Q. My 15-year-old son's friends are all allowed to go to concerts by themselves, which I'm not comfortable with. What should I do?
A. Since someone has to provide the transportation, you (or another responsible adult) should go with them -- and stay. Either read a book in the parking lot or sit in the audience two rows up and a little over. You'll be close enough to keep an eye on them but far enough away so you aren't completely embarrassing. Well before the event make a plan with every parent and child about when and where you'll meet the kids after the concert and the protocol if someone doesn't show up. Although I'm not a huge fan of kids having their own cell phones, in this situation they should have one, and you should have their numbers. If someone doesn't appear within 10 minutes of the agreed-upon time, call him. If he hasn't shown up within 20 minutes, contact his parents.
Q. My daughter has always been a good student. But it's several weeks into her first year of high school, and she doesn't seem to be making a smooth transition. She says none of her close friends go to her school, she hates the teachers, and she's drowning in work. How can I help?
A. Next time she brings up problems, stop what you're doing (no multitasking in this situation) and say, "I'm so sorry. Let's come up with some ideas to help you feel better." Then look for simple, manageable ways she can make some changes. Have her identify one adult at school she can build a relationship with and also a peer in one of her classes. Or is there a club she's interested in? If things don't improve in another month and she continues to dread school, uses being sick as a way to avoid it, or can't concentrate, ask her guidance counselor for help. You may also want to ask for the name of a therapist.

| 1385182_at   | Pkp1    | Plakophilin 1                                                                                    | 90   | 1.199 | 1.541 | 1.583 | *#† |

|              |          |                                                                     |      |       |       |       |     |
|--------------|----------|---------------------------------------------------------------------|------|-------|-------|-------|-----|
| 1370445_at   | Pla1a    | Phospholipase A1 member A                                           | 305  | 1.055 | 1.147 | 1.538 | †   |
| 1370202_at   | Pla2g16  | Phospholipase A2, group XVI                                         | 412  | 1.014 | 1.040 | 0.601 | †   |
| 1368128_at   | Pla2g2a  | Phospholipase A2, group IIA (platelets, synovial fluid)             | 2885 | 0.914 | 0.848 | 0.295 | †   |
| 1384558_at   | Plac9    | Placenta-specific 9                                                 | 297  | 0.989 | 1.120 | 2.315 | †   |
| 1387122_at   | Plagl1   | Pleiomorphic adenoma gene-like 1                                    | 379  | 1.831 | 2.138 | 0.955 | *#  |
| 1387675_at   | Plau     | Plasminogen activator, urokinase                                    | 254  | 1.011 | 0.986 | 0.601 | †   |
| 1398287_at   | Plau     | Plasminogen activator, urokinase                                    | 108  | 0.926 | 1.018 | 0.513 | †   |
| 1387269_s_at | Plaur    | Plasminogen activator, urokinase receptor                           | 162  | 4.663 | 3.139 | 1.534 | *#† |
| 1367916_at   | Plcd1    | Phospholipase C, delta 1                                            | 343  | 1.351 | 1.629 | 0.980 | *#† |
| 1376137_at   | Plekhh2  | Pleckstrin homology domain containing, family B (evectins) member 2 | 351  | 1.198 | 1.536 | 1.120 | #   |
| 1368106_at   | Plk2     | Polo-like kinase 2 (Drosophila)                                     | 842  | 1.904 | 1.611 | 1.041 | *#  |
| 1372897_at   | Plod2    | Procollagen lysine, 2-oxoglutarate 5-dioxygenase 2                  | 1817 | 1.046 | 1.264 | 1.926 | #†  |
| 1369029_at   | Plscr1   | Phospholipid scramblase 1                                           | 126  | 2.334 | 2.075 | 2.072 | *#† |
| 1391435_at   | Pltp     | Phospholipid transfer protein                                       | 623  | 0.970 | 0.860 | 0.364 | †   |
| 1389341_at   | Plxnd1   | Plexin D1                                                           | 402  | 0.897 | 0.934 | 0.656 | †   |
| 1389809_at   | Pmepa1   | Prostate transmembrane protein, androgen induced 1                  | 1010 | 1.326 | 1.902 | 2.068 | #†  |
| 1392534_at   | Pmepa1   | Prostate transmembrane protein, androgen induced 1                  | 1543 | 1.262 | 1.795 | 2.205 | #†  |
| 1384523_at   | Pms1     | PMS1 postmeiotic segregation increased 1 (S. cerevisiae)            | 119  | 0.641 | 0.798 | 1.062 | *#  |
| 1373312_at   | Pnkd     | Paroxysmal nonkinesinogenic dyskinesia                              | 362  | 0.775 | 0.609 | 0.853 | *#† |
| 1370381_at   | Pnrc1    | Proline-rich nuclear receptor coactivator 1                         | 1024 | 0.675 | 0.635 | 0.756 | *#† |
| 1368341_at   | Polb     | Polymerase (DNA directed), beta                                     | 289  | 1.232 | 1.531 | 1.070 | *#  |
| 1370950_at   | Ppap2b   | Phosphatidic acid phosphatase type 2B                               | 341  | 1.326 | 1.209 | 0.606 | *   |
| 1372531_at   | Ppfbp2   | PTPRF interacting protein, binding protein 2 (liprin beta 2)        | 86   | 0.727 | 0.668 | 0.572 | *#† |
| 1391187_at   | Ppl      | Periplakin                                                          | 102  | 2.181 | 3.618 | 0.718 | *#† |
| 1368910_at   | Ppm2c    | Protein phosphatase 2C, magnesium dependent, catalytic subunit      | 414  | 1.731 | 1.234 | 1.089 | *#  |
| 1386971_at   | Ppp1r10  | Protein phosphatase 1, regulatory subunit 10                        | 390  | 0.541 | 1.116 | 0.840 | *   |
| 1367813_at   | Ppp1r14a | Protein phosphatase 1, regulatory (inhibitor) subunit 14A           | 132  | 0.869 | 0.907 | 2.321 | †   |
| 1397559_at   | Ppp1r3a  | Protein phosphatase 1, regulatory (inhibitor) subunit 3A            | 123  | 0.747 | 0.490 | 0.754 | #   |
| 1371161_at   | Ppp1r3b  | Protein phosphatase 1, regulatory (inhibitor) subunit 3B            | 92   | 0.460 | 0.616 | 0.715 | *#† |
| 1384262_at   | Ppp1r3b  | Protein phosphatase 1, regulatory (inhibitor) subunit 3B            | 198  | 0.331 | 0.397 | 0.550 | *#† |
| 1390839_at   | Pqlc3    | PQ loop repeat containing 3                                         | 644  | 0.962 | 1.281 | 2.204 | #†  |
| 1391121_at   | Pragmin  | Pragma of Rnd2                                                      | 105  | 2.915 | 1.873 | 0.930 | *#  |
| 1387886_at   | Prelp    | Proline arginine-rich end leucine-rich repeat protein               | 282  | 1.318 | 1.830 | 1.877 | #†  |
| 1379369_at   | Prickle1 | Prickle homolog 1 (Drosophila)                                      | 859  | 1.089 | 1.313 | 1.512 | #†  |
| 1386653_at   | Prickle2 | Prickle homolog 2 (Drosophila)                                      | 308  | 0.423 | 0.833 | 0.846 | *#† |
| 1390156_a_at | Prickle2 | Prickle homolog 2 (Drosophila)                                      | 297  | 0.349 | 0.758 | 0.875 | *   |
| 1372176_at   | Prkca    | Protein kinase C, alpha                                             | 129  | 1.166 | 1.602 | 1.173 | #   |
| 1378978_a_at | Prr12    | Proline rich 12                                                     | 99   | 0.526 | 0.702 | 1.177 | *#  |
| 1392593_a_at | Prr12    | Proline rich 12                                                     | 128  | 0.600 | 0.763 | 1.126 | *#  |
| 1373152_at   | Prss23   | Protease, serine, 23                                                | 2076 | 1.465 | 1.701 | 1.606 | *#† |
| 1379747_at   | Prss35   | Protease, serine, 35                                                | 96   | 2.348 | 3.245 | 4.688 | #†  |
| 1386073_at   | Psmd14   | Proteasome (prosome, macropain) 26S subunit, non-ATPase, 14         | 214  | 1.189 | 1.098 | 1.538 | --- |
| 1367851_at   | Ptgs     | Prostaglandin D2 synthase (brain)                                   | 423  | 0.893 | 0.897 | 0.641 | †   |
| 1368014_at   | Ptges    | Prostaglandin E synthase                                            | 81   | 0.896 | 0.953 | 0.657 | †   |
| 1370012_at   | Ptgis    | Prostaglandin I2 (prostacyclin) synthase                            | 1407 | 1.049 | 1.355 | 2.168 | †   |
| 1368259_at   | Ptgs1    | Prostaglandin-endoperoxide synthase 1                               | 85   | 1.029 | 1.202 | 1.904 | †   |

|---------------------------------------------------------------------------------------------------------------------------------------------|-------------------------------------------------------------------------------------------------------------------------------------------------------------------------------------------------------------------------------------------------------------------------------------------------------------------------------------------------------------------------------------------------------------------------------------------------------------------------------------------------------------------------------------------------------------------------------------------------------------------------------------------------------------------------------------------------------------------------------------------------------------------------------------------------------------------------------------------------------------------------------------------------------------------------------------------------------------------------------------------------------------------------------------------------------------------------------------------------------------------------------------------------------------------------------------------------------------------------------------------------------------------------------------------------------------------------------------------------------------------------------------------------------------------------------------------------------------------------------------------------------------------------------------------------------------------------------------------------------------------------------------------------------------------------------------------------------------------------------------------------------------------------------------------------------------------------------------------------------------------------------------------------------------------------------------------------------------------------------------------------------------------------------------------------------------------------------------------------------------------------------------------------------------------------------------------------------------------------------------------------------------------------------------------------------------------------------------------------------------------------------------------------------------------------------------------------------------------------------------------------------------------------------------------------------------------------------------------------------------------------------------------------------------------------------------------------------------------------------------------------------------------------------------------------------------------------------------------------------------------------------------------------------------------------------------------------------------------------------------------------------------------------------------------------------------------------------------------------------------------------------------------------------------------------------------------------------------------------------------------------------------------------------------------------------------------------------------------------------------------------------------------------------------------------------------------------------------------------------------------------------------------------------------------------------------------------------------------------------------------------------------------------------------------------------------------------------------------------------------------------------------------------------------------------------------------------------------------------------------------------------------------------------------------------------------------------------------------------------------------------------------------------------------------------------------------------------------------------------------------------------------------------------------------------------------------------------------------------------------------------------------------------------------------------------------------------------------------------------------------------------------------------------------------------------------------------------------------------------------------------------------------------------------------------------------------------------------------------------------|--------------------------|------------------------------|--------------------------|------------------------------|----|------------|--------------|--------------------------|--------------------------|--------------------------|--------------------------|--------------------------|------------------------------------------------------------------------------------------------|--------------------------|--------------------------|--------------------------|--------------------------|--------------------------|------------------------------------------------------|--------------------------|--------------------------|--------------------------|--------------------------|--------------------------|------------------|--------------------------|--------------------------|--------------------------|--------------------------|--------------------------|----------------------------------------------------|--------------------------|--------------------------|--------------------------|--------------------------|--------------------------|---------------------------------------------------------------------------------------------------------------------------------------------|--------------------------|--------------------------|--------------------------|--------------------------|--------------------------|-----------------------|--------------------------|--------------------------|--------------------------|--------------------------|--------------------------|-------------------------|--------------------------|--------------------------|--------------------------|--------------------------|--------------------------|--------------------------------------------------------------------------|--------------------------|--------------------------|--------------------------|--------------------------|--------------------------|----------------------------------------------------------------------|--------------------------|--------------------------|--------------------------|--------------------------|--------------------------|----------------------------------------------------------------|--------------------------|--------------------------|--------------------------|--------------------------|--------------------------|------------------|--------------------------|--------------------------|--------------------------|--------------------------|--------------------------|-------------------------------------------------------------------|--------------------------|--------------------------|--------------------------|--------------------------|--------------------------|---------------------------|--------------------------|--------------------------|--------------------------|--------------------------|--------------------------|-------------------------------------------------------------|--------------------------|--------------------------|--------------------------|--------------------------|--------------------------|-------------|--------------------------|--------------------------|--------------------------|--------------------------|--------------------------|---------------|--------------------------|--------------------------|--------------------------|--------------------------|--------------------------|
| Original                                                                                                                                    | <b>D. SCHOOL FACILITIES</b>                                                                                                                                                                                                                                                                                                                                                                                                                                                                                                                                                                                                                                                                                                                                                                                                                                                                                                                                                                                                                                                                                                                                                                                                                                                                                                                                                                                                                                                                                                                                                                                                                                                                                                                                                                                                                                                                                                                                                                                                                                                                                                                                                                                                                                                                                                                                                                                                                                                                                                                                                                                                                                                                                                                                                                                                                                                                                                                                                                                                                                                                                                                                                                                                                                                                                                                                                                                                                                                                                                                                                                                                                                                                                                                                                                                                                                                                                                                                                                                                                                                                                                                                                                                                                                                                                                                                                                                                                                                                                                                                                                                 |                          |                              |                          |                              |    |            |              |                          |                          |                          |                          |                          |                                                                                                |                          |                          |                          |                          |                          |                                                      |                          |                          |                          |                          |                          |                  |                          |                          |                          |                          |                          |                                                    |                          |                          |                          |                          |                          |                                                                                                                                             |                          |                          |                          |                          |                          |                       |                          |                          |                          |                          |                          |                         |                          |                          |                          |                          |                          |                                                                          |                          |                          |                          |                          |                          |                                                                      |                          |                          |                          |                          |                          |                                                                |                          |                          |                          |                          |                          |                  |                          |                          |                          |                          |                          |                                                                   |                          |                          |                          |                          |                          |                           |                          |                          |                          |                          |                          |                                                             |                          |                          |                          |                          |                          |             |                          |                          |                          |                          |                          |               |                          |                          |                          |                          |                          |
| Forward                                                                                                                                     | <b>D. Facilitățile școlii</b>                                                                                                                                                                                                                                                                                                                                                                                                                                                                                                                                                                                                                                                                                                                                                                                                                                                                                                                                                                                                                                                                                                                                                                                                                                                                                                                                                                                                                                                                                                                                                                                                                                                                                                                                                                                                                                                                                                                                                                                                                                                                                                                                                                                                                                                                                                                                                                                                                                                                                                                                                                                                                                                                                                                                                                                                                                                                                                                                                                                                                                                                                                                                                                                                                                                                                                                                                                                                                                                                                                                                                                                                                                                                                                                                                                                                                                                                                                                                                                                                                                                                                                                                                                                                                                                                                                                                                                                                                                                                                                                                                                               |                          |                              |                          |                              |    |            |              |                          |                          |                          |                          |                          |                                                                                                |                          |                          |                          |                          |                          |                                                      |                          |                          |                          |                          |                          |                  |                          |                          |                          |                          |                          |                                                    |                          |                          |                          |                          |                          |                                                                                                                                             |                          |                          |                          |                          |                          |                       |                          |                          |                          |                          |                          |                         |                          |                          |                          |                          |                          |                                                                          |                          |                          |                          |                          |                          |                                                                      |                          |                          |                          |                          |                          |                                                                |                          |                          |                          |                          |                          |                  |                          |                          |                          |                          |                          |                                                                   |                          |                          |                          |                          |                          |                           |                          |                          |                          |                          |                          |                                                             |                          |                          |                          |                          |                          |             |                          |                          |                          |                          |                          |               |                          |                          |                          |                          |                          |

Q. The list of activities the PTA needs volunteers for is overwhelming. I want to be involved, but I have so little time. What do you advise?
A. I know exactly how you feel. Remind yourself that children want mothers who are strong, calm, and comforting, not someone who's running around hyper and anxious because she can't say no to the PTA. If you still want to volunteer, each semester ask your child's teacher, counselor, coach, or administrator if there is something you can help with in the school for one morning or afternoon.
Q. My 16-year-old son has found his first love. He spends all his free time with her, then is on the phone at least a couple hours at night, and that's not counting the IMing and text messaging. Is this relationship too intense?
A. A teenager's first love is a powerful experience, but it's not an excuse to abandon his responsibilities. Set rules about phone and computer use and enforce them. Hover until he hangs up or signs off and review his cell account online to confirm when and for how long he's communicating.
But it's not all about rules. Ask him why he likes her (watch your tone so you don't sound like an interrogator). Then tell him your non-negotiables, including respect (no name calling when they argue) and maintaining relationships with his other friends and his family. Lastly, go over your expectations and values about sex. If he doesn't feel comfortable talking to you, find another adult to speak with him -- someone he thinks is cool and who shares your values.